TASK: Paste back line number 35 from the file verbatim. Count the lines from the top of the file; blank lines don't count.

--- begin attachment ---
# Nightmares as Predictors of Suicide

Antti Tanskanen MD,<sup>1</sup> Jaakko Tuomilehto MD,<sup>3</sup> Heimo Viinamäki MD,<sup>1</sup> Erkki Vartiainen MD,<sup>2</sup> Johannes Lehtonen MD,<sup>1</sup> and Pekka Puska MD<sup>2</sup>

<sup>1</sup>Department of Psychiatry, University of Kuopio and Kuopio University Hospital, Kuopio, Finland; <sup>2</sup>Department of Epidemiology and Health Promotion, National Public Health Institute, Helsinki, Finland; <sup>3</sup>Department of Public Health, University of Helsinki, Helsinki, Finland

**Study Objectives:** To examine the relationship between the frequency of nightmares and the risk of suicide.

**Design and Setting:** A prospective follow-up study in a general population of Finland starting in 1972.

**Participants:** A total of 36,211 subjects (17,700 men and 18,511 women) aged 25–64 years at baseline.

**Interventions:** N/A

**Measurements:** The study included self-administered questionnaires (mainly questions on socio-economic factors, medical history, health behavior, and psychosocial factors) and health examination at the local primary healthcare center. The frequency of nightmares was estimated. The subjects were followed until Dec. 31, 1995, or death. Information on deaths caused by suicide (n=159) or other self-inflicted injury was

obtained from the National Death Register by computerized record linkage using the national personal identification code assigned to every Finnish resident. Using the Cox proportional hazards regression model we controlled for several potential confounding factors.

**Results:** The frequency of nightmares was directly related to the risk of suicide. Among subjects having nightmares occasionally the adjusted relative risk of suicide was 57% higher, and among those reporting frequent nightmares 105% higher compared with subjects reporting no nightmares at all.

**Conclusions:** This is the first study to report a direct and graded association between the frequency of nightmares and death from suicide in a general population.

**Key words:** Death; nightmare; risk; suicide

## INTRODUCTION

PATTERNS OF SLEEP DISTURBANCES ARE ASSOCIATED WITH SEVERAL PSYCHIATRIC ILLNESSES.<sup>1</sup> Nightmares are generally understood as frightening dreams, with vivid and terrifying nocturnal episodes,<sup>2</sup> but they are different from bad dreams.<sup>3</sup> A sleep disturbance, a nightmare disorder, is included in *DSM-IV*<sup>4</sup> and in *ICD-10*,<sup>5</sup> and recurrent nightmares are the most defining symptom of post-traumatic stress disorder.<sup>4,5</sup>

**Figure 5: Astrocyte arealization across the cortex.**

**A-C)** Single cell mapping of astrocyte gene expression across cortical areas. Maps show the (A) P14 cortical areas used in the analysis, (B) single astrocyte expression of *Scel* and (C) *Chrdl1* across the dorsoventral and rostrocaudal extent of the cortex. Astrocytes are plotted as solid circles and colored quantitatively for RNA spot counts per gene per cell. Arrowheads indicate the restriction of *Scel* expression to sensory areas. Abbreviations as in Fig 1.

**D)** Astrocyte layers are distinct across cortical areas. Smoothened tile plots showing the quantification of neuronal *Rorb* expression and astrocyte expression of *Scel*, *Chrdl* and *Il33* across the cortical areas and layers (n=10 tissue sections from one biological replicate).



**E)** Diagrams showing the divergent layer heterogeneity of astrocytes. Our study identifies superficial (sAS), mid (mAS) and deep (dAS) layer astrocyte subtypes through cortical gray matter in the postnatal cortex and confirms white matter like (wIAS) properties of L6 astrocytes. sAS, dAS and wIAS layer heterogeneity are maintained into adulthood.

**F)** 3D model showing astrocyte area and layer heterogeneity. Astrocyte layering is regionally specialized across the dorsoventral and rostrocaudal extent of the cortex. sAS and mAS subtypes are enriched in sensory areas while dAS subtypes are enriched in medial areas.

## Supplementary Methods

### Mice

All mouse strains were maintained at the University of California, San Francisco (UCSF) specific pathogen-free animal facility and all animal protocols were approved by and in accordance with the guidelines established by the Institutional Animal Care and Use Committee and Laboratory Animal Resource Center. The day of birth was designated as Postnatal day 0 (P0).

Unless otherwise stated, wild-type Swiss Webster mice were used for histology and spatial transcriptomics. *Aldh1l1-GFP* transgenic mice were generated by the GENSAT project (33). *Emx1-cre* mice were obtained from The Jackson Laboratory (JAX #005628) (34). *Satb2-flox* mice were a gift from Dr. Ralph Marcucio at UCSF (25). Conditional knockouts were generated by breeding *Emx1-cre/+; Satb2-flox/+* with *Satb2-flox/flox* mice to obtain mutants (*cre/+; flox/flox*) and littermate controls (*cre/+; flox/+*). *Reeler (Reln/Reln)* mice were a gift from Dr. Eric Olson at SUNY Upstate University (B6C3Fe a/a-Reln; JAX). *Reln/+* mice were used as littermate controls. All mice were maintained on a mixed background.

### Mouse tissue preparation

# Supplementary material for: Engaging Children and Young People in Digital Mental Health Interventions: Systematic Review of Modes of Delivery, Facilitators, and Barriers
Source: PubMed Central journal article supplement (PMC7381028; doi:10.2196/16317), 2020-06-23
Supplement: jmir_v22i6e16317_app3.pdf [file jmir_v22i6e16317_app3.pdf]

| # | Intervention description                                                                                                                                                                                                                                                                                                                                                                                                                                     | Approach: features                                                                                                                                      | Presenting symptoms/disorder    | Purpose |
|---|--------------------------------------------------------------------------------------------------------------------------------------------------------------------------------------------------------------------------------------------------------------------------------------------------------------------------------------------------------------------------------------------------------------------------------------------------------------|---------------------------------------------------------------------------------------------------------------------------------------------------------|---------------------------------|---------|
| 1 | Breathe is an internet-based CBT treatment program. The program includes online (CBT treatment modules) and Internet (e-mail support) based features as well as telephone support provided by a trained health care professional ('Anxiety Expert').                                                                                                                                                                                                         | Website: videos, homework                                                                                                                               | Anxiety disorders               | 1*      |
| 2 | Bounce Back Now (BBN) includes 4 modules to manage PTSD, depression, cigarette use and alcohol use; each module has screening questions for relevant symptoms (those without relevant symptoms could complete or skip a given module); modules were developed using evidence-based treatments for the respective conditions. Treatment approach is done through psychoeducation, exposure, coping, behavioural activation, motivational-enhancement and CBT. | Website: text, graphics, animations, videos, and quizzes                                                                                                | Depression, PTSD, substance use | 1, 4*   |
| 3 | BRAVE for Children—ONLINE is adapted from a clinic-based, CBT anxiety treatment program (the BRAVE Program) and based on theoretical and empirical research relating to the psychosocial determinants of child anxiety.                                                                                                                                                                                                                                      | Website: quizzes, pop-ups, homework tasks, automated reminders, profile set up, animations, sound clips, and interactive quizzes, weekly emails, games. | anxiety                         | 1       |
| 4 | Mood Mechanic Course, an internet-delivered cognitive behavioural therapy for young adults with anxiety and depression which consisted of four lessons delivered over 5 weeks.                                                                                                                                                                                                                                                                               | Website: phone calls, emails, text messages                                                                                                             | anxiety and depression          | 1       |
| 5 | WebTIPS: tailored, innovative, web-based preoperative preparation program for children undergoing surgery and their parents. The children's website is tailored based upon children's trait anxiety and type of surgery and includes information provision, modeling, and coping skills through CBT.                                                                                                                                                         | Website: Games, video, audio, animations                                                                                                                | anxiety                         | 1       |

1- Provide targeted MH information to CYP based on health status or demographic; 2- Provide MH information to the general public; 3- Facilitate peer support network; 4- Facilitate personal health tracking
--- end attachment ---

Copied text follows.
1- Provide targeted MH information to CYP based on health status or demographic; 2- Provide MH information to the general public; 3- Facilitate peer support network; 4- Facilitate personal health tracking